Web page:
Britain's FTSE 100 was down 3.1 percent at 5,192.06 and France's CAC-40 was down 0.43 percent at 3,510.13. Germany's DAX rose 0.38 percent to 5,959.77.
The FTSE 100, like the other European indexes, spent most of the day trading up, which IDX trader Will Heddon put off to Wall Street's strong performance.
"Aside from this, it has been a somewhat quiet start to the day over here, with many people winding down ahead of the long weekend," he wrote. Looking ahead to the U.S. opening, he said "investors will be happy if we end up seeing a calm finish to the day and an end to some of the recent dramatic swings."
On Wall, stocks opened down slightly - the Dow Jones industrial average was down 39.91 points, or 0.39 percent, at 10,1219.08 while the broader Standard & Poor's 500 futures slid 4.36 points, or 0.4 percent, at 1,098.70.
"Equity markets are pointing higher once again with bumper gains on Wall Street yesterday, indicating a notable improvement in sentiment," said Ben Potter, a research analyst at IG Markets. "China has evidently made some assurances that they're not going to offload euro reserves."
The show of faith in Europe let markets resume a rally that stalled late Wednesday following a report that China was considering cutting its exposure to European debt. The agency that manages China's $2.5 trillion in foreign reserves denied the report and said Europe would always be one of its major investment destinations.
The euro recovered as a result, climbing to 113 yen levels from around 110 yen the previous day and gained against the dollar, surmounting $1.2400 in Asian trade. Oil, meanwhile, jumped above $75 a barrel.
Japan's government said Friday that unemployment rose for the third straight month in April, prices kept sliding and household spending fell.
Despite the triple dose of sobering economic news, Japan's Nikkei 225 stock average jumped 123.26 points, or 1.3 percent, to 9,762.98 as investors bought exporters including tech companies and automakers.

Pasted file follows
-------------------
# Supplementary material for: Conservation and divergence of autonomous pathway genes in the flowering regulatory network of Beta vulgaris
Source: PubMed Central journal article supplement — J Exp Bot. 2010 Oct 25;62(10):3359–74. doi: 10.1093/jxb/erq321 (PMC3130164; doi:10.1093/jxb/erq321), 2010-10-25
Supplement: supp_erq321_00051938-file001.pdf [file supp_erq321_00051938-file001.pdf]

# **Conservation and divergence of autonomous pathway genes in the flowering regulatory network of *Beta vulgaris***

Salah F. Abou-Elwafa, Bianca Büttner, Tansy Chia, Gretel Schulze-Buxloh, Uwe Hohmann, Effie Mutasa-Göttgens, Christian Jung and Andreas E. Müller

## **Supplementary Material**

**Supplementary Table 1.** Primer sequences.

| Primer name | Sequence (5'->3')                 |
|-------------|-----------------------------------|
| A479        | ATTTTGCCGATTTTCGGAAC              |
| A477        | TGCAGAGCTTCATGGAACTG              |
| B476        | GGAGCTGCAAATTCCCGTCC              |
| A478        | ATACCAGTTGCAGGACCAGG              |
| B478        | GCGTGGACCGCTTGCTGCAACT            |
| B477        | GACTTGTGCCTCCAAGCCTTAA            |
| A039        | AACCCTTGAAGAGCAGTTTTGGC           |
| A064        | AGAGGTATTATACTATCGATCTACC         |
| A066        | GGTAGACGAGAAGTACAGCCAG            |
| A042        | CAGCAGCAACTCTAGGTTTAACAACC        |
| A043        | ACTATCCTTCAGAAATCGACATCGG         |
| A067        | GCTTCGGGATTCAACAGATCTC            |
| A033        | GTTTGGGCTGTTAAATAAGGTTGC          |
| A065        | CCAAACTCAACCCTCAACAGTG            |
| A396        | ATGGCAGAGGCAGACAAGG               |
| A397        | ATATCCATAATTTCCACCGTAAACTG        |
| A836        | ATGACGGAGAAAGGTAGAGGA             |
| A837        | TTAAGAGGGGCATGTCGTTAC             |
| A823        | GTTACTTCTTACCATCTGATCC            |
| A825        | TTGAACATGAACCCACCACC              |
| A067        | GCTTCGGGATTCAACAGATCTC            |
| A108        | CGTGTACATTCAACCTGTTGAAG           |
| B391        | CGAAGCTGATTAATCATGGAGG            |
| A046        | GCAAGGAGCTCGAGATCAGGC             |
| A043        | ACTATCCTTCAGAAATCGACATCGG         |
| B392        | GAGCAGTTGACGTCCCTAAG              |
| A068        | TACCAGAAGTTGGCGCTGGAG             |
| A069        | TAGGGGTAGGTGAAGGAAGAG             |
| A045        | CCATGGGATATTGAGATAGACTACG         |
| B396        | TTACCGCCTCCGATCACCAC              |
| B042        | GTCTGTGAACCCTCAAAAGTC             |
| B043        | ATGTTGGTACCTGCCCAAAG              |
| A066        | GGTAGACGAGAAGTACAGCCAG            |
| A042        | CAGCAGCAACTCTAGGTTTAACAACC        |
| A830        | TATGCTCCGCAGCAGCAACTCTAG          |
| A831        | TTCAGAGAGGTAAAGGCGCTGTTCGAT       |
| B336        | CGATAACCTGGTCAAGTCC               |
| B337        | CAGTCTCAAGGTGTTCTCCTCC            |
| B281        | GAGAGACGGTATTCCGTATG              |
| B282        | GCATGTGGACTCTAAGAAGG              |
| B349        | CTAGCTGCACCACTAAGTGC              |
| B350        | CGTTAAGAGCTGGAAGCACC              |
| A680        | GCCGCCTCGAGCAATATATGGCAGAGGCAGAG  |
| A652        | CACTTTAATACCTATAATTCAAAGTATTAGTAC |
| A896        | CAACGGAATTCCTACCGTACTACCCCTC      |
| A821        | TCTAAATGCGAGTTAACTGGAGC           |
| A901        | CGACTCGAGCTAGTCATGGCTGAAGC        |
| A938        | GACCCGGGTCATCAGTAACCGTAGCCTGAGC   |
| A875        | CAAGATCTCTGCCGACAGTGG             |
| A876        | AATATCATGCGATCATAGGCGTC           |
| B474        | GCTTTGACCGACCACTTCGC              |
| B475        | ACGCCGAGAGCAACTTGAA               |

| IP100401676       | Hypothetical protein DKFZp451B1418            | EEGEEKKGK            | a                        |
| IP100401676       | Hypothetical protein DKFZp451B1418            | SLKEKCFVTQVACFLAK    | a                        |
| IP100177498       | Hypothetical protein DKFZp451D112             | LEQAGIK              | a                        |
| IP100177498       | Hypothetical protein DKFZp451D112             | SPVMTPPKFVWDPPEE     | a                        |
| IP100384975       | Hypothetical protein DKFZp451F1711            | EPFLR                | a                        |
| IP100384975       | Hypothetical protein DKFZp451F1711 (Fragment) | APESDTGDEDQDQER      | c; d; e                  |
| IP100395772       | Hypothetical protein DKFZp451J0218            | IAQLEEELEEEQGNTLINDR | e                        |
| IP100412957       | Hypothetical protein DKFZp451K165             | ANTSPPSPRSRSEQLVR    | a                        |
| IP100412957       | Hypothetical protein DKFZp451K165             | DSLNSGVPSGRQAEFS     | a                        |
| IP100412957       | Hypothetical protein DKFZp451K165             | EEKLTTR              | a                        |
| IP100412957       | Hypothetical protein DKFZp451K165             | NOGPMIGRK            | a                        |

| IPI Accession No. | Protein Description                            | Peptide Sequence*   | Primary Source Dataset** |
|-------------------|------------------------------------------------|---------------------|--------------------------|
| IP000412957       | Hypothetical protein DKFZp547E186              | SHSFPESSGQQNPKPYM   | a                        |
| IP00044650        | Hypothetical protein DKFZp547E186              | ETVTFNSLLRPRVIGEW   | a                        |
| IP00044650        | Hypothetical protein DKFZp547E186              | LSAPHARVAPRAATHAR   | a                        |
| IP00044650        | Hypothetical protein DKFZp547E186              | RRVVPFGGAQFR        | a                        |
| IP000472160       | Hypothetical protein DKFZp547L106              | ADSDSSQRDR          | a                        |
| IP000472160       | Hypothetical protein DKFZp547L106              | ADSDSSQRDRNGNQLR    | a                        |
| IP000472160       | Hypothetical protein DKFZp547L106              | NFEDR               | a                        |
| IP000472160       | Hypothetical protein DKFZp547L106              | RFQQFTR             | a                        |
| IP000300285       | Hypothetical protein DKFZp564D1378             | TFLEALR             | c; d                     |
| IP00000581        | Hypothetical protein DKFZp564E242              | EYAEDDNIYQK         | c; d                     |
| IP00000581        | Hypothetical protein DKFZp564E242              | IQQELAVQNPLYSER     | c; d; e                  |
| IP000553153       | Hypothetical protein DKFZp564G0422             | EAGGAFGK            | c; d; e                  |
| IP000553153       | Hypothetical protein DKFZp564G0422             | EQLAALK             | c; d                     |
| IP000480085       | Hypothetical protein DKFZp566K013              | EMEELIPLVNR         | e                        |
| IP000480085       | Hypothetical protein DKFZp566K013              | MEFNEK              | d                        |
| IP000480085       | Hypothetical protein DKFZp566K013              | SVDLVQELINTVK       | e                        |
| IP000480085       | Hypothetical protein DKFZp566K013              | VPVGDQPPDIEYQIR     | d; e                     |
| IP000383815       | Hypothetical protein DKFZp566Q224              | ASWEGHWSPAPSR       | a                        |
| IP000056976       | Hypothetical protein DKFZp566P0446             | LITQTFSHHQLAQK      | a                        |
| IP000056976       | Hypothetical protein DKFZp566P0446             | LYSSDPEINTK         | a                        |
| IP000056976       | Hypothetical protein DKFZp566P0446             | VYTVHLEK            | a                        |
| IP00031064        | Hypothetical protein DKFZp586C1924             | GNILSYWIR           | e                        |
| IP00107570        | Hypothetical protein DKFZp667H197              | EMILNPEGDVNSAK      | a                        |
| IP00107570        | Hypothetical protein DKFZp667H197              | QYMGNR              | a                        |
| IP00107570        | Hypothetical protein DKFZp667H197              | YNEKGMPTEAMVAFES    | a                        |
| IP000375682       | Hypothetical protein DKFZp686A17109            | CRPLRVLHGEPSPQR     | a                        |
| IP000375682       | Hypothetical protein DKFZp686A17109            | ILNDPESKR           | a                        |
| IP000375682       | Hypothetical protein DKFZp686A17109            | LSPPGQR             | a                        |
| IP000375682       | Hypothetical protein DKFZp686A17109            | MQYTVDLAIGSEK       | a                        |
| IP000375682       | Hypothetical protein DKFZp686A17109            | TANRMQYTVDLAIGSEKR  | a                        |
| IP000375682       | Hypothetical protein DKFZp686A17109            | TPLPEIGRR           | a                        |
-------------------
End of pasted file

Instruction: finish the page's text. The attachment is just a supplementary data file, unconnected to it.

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Japanese exporters benefited from the euro's rebound against the yen, with Canon Inc. gaining 2.9 percent and Nissan Motor Co. up 2.6 percent.
Hong Kong's Hang Seng, meanwhile, advanced 1.7 percent to 19,766.71 and Australia's S&P/ASX 200 rose 1.8 percent to 4,457.5. Benchmarks in mainland South Korea, India and Taiwan also advanced. Only China bucked the trend with the main Shanghai index off less than 0.1 percent.
Financial markets in Singapore, Thailand, Malaysia and Indonesia were closed for national holidays.
Overnight in New York, the Dow Jones industrial average shot up 2.9 percent to 10,258.99 after China reassured investors it doesn't plan to sell the European debt it holds.
The Standard & Poor's 500 index rose 3.3 percent to 1,103.06, and the Nasdaq composite index climbed 3.7 percent to 2,277.68.
In currencies, the dollar rose to 91.16 yen from 90.98 yen. The euro pared some of its gains, slipping to $1.2322 from $1.2362.
Benchmark crude for July delivery was up 9 cents at $74.64 in electronic trading on the New York Mercantile Exchange.
Press; By COLLEEN BARRY]
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